Designing Urban Agriculture A Complete Guide to the Planning, Design, Construction, Maintenance and Management of Edible Landscapes by April Philips pdf download.
Preface by April Philips:
DESIGNING URBAN AGRICULTURE is about the intersection of ecology, design and community. It is a dialogue on the ways to invite food back into the city and forge a path towards creating healthier communities and a healthier environment. When the recession began I planted an edible garden. I started with potatoes and herbs such as parsley, sage, rosemary, mint, and thyme. Within a few weeks I began to notice that even though I only spent 15 minutes a day each morning in the garden my work day stress levels went down and life’s hiccups seemed to more easily be put into perspective. My family and I also noticed that our food tasted so much better when I added the home grown edible ingredients to our meals. he potatoes we harvested that irst year were the most exquisite and sweetest potatoes I have ever tasted in my life. We all began to eat a bit healthier. If someone was stressing out I’d send them out to the garden to harvest something from our backyard crops and they would come back with a smile on their face and a strawberry or two to share. You could say that we had discovered a little slice of bliss in our daily lives.
What happened next became my adventure into the world of urban agriculture because I wanted to learn more about this incredibly interesting landscape typology and its effects on human health and design. With media headlines such as people around the country being put in jail for planting vegetables in their front yard, or the huge amount of farms failing across the country for various reasons like water and climate, as I dove into the research I began to discover the dark side of our industrial food system and industrialized agriculture. And because the food system in America is broken, the health of our cities and communities are at risk. As a landscape architect and urban designer I had questions I wanted answers to such as 1. How could these agrarian landscapes be designed at the urban scale to become an integral part of the food system of a city and also be connected to a regional food system, and 2. How could designers collaborate and partner with urban farmers, food entrepreneurs, community organizations, urban ecologists, visionary developers, and city planners in a meaningful way to facilitate the creation of these landscapes while simultaneously addressing issues of human and environmental health, food justice, food security, climate change, cultural aesthetics, and sustainable development. he end result of my quest to answer these questions is this book.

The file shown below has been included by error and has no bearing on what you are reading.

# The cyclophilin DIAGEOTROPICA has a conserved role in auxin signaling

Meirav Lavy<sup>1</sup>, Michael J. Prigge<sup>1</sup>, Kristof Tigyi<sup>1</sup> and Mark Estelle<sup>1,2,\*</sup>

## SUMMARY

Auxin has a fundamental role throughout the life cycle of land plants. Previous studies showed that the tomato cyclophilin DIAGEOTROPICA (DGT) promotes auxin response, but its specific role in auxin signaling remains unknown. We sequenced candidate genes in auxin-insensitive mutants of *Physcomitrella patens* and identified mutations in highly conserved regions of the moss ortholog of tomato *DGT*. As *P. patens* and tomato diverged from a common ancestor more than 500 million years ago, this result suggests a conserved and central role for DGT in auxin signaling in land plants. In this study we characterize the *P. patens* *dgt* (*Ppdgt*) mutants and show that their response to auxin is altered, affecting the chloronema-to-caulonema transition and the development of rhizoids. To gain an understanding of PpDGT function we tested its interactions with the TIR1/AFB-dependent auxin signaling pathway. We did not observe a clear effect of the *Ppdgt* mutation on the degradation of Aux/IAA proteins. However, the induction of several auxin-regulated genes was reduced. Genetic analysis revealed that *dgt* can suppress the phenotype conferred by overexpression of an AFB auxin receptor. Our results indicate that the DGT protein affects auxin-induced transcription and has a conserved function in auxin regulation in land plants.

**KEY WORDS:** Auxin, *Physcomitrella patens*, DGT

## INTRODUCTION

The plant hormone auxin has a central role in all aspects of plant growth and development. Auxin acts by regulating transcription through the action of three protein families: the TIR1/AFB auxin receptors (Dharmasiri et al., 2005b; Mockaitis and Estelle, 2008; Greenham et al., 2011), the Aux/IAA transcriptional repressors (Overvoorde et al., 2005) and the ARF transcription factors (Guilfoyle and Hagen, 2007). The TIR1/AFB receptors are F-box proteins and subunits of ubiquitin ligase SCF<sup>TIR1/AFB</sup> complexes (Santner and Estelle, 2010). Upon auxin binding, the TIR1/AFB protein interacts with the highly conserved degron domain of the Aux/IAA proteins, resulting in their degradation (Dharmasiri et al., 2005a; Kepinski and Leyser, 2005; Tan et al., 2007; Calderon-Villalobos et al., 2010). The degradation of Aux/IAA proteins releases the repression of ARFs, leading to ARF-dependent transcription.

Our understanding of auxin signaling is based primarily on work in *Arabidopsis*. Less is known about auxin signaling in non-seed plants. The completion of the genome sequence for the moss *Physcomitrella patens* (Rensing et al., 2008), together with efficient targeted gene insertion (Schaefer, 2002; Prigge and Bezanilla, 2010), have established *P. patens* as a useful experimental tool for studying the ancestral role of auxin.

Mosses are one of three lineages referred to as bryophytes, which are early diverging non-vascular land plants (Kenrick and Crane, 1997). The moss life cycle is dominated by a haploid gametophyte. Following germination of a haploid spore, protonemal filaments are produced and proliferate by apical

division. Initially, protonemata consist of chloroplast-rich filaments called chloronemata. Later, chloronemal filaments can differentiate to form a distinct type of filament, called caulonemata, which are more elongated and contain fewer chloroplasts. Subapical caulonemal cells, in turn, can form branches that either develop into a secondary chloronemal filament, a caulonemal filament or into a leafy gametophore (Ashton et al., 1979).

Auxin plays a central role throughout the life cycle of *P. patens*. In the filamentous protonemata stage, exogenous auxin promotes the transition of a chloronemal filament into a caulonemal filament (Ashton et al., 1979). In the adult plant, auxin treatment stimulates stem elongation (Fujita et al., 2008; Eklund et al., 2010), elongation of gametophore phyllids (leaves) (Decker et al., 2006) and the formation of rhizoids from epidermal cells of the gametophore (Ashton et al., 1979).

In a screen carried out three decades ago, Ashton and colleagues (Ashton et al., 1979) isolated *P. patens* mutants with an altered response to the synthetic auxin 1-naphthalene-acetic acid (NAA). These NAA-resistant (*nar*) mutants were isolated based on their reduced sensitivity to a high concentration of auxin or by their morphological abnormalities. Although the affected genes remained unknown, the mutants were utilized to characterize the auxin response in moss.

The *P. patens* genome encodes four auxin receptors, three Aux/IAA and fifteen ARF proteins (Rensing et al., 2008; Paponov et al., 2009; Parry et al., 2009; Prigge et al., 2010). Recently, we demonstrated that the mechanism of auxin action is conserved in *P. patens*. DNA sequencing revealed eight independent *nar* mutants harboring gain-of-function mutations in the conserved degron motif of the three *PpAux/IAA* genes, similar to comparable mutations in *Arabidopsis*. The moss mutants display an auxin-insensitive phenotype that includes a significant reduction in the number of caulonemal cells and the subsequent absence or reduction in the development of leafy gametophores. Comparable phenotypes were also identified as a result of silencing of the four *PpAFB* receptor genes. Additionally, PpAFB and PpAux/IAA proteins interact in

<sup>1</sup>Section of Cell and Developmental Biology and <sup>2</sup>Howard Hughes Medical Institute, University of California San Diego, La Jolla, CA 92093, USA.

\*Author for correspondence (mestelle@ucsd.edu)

My journey to and answers took many turns along the way. Researching and reading consumed a vast portion of my time tracking down news, articles, books, and web sites that covered the subject mater not readily available in one place. I found seminars, forums and conferences to attend and amazing ilm documentaries to watch and learn from. One of the most fascinating components of this quest were the conversations I had with colleagues and urban farm enthusiasts from all walks of life about the links between food, design, ecology, and building community.
In particular, my conversations with Jake Voit, who was the Sustainability Manager for Cagwin & Dorward , a top 25 Landscape Contracting irm in the United States located in California turned extremely fruitful. Jake and I had an ongoing conversation thread for over a year’s time frame sometimes emailing web sites, articles, ted talks, and sharing video links since we are both passionate about deining the role that designers and citizens can play with urban agriculture in creating positive environments for change. We eventually had enough content on the subject for a provocative dialogue that I invited Jake to present with me at a number of national conferences. By this time Jake was leading the grand vision of the InCommons Initiative for the Archibald Bush Foundation in Minnesota that creates community powered problem solovers. (His work there created highly efective listeners and facilitators of deep relationships based on empathy and a realization of interconnectedness, which inluences creating conditions for current and emerging leaders to hold the space for a paradigm shit from individualistic transaction-based communities to shared relationship-based communities.) He began to focus our discussions on the integration of collaborative conversations and ecological parameters into a systems thinking process. I am indebted to the continuing collaborative dialogue we share and the material he has contributed in this book on sustainable agriculture construction practices and how to build resilient communities through collaborative conversations. his includes his description of Cuba’s transformation into a sustainable agriculture economy ater the trade embargo crisis and his irsthand knowledge of permaculture principles from being raised on an organic farm.